posted Aug 22nd, 2009 4:55 pm


I manage a Curves is Australia and wanted to answer Elizabeth's questions about hygiene.

At my Curves and anyother Curves I've had contact with all machines are cleaned at least twice a day, sometimes more if they are in a high traffic area. There is also the use of a hand sanitiser before and after the workout. Many of our 'sweatier' ladies also carry a hand towel with them to cover the machines while they workout. So it really is very unlikely for to catch anything from the equipment.

As far as the CurvesSmart timing goes, if everyone is starting their workout on a recovery board and following the cues when on the recovery boards there should only be a 2-3 second delay if the CurvesSmart ladies are a little slow at registering thier tag with the machine. But this slight delay should be caught up at the next recovery board, we've suggested to our ladies that where possible have at least one station between ladies just so you dont get held up.

We've also found that since introducing the CurvesSmart system the chatter in the club as reduced, people are more focused on their workout and getting their results. Our members dont even talk to our coaches while their on a machine that's how focused they are!

posted Jul 22nd, 2009 5:13 am


I'm sorry for Kay's experience at Curves. I am a long-time member, over 3 years, and when I joined, there was no sign saying that children were not welcome. I suspect that it was added after some customers complained that so-called "quiet" and "well-behaved" children reached an age when they weren't so quiet and mom had to jump on and off the circuit to shush them constantly. This creates a problem for those of us who are continuing on the circuit. We shouldn't have to remember where Mom was so she can jump back in when she feels ready. However, it is not true that Curves is "for old ladies", and certainly not for ladies who've "already had their children and don't want to be bothered" (!?) I am in my forties and do NOT consider myself an old lady. To anyone considering joining, I say, join if you want to lose weight and diet if you want to keep it off.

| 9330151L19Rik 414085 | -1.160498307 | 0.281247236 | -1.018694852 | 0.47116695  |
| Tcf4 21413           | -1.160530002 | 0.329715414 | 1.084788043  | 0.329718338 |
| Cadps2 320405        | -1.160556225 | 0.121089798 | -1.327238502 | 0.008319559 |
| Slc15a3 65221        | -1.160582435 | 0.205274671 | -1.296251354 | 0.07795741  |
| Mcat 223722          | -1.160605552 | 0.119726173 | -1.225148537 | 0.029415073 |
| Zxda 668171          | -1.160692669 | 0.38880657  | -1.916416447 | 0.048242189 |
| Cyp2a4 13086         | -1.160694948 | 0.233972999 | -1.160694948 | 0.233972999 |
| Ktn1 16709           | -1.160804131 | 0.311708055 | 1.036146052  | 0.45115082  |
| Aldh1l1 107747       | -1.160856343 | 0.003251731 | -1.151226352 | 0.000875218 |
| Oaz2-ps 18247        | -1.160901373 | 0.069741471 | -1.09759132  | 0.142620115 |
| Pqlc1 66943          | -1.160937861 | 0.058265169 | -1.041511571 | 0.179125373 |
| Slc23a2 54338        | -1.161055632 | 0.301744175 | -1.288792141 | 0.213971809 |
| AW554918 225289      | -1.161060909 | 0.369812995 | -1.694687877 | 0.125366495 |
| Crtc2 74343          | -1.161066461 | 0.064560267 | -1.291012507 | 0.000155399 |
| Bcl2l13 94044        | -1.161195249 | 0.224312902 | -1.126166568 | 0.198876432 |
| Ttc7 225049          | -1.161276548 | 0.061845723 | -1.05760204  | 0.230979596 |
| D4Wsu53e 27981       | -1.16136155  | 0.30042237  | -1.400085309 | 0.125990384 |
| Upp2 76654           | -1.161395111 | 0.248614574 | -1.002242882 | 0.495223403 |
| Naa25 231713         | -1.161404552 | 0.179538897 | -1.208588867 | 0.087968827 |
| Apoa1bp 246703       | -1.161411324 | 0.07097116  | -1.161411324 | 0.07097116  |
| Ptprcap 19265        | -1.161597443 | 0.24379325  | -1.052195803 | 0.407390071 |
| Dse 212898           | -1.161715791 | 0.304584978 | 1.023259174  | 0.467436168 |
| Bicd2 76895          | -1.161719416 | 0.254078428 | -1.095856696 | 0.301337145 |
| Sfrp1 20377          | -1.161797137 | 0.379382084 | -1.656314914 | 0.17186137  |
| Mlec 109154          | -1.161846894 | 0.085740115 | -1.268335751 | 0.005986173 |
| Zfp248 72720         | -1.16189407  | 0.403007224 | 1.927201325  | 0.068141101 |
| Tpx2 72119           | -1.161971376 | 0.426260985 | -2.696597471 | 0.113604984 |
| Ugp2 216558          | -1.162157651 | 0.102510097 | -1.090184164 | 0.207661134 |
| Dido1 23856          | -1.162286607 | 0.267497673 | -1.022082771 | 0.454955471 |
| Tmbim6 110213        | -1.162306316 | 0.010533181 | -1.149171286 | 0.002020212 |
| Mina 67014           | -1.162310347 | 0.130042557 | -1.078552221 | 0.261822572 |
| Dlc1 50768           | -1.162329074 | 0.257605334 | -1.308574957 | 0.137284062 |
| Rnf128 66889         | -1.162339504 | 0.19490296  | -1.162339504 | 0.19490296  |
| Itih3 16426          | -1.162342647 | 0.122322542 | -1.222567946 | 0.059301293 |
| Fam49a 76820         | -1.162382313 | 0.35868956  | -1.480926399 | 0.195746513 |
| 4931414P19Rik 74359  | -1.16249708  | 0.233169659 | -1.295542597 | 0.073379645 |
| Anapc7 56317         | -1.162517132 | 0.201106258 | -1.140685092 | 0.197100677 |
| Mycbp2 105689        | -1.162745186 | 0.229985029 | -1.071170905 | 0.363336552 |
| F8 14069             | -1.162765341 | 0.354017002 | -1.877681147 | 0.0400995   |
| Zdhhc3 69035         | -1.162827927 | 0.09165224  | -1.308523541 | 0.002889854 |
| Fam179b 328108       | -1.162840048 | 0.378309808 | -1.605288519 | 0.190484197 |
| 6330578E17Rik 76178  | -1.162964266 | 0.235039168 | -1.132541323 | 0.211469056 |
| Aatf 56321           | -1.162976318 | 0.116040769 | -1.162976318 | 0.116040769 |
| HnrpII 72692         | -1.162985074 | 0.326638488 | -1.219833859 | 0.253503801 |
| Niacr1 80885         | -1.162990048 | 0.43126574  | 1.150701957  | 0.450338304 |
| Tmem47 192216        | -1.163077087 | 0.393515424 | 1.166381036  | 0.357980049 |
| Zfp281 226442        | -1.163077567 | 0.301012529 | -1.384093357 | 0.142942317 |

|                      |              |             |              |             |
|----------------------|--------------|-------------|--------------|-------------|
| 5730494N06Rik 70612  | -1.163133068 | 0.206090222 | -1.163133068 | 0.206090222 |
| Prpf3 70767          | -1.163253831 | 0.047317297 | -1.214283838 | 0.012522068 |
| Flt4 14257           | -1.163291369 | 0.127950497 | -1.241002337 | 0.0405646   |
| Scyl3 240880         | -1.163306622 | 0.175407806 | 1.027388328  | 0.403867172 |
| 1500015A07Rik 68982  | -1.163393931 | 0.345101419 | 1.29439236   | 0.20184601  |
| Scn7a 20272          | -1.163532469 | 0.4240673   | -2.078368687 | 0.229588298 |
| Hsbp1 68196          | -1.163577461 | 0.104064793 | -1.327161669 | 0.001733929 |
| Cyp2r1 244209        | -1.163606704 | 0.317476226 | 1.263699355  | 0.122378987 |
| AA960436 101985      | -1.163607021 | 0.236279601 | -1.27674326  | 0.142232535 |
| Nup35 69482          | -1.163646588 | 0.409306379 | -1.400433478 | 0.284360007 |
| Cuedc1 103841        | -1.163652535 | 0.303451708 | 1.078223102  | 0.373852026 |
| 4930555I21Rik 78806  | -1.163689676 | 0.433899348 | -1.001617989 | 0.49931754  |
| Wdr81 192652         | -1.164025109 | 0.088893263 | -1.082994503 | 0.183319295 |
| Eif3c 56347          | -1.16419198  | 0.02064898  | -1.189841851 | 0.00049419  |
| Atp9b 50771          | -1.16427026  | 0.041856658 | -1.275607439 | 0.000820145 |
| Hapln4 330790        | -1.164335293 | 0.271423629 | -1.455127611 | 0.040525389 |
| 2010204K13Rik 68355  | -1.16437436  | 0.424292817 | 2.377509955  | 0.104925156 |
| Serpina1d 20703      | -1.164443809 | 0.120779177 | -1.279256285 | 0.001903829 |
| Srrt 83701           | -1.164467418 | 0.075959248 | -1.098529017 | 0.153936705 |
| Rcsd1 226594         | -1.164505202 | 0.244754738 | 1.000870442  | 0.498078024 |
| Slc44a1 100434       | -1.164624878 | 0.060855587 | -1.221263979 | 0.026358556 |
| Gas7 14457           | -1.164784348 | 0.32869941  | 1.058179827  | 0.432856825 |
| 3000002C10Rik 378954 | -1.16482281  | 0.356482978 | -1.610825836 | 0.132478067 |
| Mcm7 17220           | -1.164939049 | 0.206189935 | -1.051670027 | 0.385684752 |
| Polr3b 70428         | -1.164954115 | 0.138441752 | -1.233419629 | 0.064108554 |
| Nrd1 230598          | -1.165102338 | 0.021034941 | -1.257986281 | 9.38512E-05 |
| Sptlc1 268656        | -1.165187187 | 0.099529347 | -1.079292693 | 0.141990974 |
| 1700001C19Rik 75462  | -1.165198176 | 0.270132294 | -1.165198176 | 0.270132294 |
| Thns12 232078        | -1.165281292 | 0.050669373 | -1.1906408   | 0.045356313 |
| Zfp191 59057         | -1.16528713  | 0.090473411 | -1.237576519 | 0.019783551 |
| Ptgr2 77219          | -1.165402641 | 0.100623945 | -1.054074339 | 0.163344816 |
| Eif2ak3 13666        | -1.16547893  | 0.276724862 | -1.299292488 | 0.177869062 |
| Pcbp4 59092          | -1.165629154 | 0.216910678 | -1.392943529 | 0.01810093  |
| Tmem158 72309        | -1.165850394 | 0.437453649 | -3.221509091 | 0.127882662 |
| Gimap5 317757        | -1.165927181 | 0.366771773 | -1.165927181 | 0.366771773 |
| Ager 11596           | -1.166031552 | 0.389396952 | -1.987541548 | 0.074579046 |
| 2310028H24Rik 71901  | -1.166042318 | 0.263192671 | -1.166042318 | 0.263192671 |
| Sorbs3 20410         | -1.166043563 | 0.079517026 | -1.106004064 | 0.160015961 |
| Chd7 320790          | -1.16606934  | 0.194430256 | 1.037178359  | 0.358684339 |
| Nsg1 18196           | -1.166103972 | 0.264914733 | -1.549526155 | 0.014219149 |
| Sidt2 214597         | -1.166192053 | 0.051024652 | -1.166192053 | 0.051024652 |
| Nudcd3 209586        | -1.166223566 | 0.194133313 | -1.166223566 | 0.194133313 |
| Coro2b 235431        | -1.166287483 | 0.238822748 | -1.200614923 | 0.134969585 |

posted Jul 19th, 2009 8:54 am


I loved Curves and lost over 30 pounds with it after I had my baby. Unfortunately, after we moved I tried to transfer to a Curves at my new location and was told that my child would not be welcome to quietly watch me workout like she had before at the previous location. Something about Curves was for old ladies and they'd already had their children and didn't want to be bothered by the presence of mine! I thought this was insane and took my business elsewhere. Apparently, it is standard practice to exclude women with well-behaved children present in most Curves locations. At the location where I had a great experience with Curves there were women of all ages and most were gracious and eager to be successful with their health goals. There were many a mom with kids in tow and never an instance of trouble for the ladies from the children. In fact, most people seemed a little disappointed that my little sweet pea didn't show up with me on rare occasion.

posted Jun 29th, 2009 4:40 am


I am currently participating in the 30-day challenge, and am looking for an opinion: how sanitary is it to share equipment with strangers in such rapid succession? I'm concerned about MRSA (antibiotic-resistant staph).

Also, the Curves Smart doesn't quite make sense to me: half of the women are sticking to the circuit and following the timed cues to change stations, while those doing Curves Smart are working at a different interval: how can this be effective? It seems to negate the efficiency of he timed cue - group workout environment.

Thanks for any input and encouragement you can provide. I've seen people have significant success with this program!

posted May 28th, 2009 7:04 pm


I joined curves about two months ago and I only want to lose weight in my stomach area. The problem that I have is that every area of my body seems to be doing great, but my stomach is continuing to protrude out there. My weight is 129 , height 5'3 and I am 37yrs. I have had three children and trying to lose this excess fat that has been haunting me. Is there anyone out there that have had this similar problem?

posted May 28th, 2009 2:02 pm

Jennifer L. S.

Curves Real cost $59/month ($39 base, $5 curves smart, $45/3months website fee) plus enrollment fee varying from free (recent promotion with a bag of groceries donated) to full price around $150.

I just completed my participation in their "30 days for 30 dollars" fitness study. Although I liked the workout and felt energized rather than tired after my workouts, over all they didn't help me loose weight.